Alright – so today we’ve got the honor of introducing you to Lydia Riegle. We think you’ll enjoy our conversation, we’ve shared it below.
Lydia, thanks for taking the time to share your stories with us today. Can you talk to us about how you learned to do what you do?
Learning the craft – do artists intrinsically “get it” or do they develop over time and effort? For this artist, it all came together after a rich life of family, children, expected and unexpected life events and time moving forward – often a similar back-story for so many others. Because one of the prompts to this interview is “If I had it to do over again”, I would have focused earlier on the creative process, and the technical skill set needed to become more fully knowledgeable in my late-start journey as an artist.
As an adult, I studied at the Art Students League of Denver, University of Colorado, Denver for an introductory class that was a teaser of what might become. Printmaking workshops with Mark Lunning, Michael McCabe, Dan Welden were important. Painting classes with Homare Ikeda, Jordan Wolfson helped to develop an understanding of abstract painting – both internally and externally. Many studies, many workshops, much effort, staying curious, staying engaged, being persistent – all that and more were behind my efforts to understand more, be better, and do the best that I can do. As an artist, I believe we all have back-stories that we share; line work, to me, represent connections, organic and hard line forms must interplay well together – my work needs to provide room for the other to enjoy and relate to so that we are able to start the conversation. I am grateful for this creative journey.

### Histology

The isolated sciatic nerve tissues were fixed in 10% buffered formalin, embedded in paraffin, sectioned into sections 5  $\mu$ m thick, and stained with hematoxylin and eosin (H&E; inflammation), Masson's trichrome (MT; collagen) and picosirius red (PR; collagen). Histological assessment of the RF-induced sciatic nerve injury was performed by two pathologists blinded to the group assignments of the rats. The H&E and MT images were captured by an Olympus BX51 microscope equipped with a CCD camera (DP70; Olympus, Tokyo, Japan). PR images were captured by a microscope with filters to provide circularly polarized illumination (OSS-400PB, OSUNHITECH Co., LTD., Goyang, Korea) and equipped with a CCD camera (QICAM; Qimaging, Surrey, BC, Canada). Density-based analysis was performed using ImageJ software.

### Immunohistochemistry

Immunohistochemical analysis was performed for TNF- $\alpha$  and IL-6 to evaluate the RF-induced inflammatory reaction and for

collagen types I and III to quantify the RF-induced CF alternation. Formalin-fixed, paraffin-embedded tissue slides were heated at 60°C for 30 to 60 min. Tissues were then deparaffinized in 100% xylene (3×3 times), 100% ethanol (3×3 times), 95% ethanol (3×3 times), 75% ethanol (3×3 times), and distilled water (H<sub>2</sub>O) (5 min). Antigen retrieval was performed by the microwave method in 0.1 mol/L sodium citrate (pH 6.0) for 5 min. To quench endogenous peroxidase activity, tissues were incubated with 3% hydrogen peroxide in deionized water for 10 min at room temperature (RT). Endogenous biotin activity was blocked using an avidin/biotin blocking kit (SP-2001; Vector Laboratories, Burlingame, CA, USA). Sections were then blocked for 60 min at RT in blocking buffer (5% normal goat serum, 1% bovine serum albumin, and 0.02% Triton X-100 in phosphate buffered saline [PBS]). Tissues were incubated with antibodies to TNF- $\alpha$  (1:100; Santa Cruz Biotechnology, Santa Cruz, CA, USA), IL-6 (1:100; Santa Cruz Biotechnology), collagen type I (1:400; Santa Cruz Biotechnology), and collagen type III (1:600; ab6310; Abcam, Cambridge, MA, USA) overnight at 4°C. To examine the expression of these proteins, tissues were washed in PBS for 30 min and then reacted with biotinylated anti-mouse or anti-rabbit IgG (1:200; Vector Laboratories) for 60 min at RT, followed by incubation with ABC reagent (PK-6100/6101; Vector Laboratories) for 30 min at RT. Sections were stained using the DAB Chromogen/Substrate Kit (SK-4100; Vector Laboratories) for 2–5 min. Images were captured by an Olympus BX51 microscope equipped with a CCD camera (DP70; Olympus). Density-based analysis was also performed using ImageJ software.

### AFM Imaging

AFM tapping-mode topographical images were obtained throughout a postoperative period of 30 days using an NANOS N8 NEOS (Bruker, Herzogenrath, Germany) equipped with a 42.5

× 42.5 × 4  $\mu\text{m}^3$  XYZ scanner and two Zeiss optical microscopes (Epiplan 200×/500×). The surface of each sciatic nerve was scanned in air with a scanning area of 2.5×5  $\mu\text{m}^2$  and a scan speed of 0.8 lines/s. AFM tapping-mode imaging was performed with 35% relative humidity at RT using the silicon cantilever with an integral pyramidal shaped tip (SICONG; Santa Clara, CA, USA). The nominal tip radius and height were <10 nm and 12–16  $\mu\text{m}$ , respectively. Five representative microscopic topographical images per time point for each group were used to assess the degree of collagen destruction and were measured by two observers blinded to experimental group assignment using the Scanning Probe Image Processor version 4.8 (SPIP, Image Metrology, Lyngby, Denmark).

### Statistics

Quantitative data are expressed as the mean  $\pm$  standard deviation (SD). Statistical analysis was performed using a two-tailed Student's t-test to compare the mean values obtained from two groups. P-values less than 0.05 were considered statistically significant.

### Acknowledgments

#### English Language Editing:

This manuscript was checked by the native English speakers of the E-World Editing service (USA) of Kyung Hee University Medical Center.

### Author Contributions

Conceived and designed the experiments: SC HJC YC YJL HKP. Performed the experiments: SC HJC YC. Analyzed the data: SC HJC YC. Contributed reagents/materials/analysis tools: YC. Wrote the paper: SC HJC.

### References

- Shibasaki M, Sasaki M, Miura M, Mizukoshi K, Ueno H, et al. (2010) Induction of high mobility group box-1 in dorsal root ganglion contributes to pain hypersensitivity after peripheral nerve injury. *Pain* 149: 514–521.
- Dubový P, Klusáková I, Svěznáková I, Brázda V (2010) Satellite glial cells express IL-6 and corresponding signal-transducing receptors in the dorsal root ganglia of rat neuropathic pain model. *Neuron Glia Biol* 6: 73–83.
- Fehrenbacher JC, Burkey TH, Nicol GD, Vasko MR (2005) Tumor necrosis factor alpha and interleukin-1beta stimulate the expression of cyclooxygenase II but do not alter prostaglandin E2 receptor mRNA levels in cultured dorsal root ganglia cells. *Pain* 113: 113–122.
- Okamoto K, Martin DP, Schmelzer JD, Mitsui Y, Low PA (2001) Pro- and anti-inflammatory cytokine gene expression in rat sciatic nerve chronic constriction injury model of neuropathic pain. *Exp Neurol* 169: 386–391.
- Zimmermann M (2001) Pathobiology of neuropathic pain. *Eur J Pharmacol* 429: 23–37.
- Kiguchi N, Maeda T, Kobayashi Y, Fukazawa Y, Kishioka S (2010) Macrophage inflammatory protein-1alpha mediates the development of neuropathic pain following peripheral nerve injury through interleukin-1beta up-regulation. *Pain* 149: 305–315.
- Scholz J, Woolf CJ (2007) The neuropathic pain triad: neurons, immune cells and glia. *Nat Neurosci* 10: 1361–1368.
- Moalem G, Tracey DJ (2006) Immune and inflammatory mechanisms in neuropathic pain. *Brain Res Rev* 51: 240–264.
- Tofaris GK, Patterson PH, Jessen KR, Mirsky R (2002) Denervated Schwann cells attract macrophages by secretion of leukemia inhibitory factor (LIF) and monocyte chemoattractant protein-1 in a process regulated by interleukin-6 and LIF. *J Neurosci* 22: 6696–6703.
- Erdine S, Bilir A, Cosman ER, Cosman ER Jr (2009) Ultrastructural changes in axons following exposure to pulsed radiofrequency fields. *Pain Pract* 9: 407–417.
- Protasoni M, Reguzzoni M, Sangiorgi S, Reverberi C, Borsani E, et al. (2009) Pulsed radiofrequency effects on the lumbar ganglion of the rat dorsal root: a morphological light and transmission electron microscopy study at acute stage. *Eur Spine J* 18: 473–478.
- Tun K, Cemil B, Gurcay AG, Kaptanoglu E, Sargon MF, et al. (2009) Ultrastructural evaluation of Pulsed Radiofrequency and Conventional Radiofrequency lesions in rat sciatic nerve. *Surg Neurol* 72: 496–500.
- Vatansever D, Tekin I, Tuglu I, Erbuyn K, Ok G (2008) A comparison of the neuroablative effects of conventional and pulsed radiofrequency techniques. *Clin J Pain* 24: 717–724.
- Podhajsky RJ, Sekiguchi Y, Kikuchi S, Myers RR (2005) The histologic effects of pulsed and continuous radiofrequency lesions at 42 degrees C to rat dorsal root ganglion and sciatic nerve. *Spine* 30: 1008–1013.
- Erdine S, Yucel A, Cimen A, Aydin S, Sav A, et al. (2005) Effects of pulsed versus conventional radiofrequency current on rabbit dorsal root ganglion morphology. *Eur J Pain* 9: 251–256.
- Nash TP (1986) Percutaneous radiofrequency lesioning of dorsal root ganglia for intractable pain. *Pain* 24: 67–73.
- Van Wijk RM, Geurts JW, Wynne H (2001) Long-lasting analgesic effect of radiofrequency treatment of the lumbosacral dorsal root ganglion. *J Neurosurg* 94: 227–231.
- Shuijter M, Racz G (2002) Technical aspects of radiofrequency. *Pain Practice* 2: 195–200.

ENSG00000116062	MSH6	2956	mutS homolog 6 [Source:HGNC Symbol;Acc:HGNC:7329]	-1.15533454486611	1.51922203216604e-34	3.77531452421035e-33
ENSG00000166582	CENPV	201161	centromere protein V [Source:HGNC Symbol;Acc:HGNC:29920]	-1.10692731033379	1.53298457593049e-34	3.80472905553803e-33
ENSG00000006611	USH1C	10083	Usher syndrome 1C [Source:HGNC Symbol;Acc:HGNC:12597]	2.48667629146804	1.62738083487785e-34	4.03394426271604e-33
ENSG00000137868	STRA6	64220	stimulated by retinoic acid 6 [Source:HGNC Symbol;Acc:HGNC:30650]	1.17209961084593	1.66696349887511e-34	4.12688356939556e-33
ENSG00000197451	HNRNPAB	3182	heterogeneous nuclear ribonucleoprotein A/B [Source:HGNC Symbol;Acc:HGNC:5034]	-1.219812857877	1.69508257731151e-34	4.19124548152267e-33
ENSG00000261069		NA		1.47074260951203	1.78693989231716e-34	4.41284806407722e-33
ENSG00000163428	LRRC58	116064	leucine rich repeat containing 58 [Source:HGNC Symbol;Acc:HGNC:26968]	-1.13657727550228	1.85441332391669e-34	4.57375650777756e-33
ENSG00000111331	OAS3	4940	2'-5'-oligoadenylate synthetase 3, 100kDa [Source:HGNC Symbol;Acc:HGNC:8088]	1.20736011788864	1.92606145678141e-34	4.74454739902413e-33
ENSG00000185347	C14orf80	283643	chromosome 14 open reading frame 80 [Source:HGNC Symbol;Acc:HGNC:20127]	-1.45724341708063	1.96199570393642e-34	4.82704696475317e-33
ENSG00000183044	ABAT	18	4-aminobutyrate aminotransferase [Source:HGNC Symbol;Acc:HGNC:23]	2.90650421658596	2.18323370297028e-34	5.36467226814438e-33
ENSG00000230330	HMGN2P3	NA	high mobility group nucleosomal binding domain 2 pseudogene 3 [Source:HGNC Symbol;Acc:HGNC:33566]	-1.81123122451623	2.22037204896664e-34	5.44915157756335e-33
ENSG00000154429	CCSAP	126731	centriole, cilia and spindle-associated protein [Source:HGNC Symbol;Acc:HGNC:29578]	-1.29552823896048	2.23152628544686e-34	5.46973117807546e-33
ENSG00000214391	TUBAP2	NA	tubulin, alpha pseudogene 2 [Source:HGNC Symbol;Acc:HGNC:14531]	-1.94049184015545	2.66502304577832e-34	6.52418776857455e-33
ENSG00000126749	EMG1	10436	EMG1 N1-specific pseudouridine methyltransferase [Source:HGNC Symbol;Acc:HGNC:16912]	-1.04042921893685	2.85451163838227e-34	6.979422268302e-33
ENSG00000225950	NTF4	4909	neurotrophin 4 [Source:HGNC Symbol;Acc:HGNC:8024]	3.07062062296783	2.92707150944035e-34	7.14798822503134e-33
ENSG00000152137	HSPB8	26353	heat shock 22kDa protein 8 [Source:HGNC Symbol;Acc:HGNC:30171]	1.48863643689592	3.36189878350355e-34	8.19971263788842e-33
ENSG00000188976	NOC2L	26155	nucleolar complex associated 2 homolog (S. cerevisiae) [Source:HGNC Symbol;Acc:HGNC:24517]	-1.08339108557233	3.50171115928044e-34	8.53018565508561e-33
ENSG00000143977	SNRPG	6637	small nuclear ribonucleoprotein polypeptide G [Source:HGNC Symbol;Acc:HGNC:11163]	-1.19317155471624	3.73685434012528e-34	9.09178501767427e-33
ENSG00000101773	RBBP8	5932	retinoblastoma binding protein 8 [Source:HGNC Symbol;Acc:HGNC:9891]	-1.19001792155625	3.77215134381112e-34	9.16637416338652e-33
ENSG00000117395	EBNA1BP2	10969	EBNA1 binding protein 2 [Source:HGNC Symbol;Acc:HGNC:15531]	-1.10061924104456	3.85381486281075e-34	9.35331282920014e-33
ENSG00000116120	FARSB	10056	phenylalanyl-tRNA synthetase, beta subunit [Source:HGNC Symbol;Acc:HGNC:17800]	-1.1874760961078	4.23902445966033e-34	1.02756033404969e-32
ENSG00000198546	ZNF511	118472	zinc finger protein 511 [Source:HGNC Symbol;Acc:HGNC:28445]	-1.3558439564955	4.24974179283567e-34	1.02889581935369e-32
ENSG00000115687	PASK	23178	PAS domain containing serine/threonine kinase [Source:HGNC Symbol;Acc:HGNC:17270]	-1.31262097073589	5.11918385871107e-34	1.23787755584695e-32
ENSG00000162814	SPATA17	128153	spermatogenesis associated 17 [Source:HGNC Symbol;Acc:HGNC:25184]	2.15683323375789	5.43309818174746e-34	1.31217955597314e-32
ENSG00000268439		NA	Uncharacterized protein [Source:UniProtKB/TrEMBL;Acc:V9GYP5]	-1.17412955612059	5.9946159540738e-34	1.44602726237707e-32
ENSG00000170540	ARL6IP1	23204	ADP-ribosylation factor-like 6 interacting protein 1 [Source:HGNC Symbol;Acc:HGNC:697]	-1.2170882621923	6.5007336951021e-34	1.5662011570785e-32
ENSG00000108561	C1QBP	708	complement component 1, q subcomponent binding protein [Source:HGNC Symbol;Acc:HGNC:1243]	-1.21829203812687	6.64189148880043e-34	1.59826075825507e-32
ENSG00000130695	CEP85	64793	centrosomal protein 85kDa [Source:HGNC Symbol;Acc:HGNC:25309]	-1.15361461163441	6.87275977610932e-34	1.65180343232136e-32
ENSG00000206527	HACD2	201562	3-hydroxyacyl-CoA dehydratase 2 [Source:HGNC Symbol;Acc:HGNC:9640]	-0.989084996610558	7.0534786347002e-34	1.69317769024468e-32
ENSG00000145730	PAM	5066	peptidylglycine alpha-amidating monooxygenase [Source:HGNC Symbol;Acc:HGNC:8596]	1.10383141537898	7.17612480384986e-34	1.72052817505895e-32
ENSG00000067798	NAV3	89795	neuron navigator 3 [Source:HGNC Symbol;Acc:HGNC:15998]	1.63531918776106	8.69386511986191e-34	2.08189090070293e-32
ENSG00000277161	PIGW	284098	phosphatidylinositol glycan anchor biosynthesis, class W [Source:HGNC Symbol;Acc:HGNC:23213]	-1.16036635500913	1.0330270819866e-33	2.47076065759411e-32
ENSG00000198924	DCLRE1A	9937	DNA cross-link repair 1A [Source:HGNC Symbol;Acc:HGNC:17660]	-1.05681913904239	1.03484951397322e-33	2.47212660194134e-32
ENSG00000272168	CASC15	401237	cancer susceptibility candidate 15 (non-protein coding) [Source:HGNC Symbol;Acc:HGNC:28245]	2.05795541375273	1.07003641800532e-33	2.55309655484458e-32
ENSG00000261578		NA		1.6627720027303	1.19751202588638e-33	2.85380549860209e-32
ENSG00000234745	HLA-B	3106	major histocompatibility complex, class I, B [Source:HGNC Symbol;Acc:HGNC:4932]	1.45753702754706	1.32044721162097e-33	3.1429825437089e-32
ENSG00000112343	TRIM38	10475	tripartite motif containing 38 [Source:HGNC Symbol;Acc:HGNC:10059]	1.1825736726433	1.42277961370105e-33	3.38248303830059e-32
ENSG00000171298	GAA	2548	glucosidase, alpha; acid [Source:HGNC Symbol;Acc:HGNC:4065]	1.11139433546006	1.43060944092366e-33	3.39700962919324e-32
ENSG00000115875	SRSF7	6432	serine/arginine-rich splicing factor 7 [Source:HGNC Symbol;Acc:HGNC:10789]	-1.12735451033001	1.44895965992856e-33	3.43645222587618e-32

Awesome – so before we get into the rest of our questions, can you briefly introduce yourself to our readers.
A painter, a printmaker – making contemporary abstract fine art – that’s me! Something I read a long time ago but, as is often the case, don’t recall when or where (so I can give credit) is still relevant and perfectly states what I believe when I read it initially and what is still true for me today. “Art helps to bring memories to the surface to start a dialogue which acts as a catalyst to stretch thinking and boundaries adding to the richness of the human experience”. Shared back-stories, connections, discovery, room to hear the viewer story as it relates to them after viewing my work – all of these are important, and I delight in hearing those stories.
2021 and early 2022 were and are a busy time for me with exhibitions at the Littleton History Museum, the Lakewood Cultural Center, the Arvada Center for the Arts and Humanities, Bleue Tile Gallery, D’art Gallery, and the Red Brick Center for the Arts, Aspen. At the Red Brick Center for the Arts, Aspen, currently showing are my printmaking images and paintings. And it’s always fun to exhibit with my friend, Jean Smith, who creates dynamic ceramic sculptures for the wall. The exhibit has much to offer!
I am grateful to have heard those conversations and to understand the connections – always discovering!
For you, what’s the most rewarding aspect of being a creative?
One of the most rewarding aspects of being an artist is answering the self-driven questions of “what would happen if” or “how can I show this idea most effectively” on 2D work. Sometimes it happens quickly, other times, it’s more time and thought.
And then, another rewarding aspect of being an artist/creative is to have conversations with others about art and life in general. Art starts the dialogue and helps to form the connections. That’s super rewarding.
Additionally, the ability to show my work also factors into reward – great venues provide the formalized space to have work displayed. Good walls, good lighting, great owners and staff – those components make it gratifying for the artist. With that, the conversations follow and as added bonus – sometimes the work is purchased when it strikes a chord. Everyone benefits.
Lots of rewarding events in the life of a creative – matter of perspective, I would imagine :-)
Is there something you think non-creatives will struggle to understand about your journey as a creative? Maybe you can provide some insight – you never know who might benefit from the enlightenment.
Generally speaking, I think creatives and others who think of themselves as non-creatives occasionally distrust their decision making and judgement. For me, as an artist, I strive to learn fundamentals, then let my decision making come from learned skills and knowledge in order to trust my judgement. I can now feel when something coalesces – I try to go with it!
- Website: lydiariegle.com
- Instagram: @lydia_riegle_artist
Lydia Riegle, Wes Magyar, Anson Wigner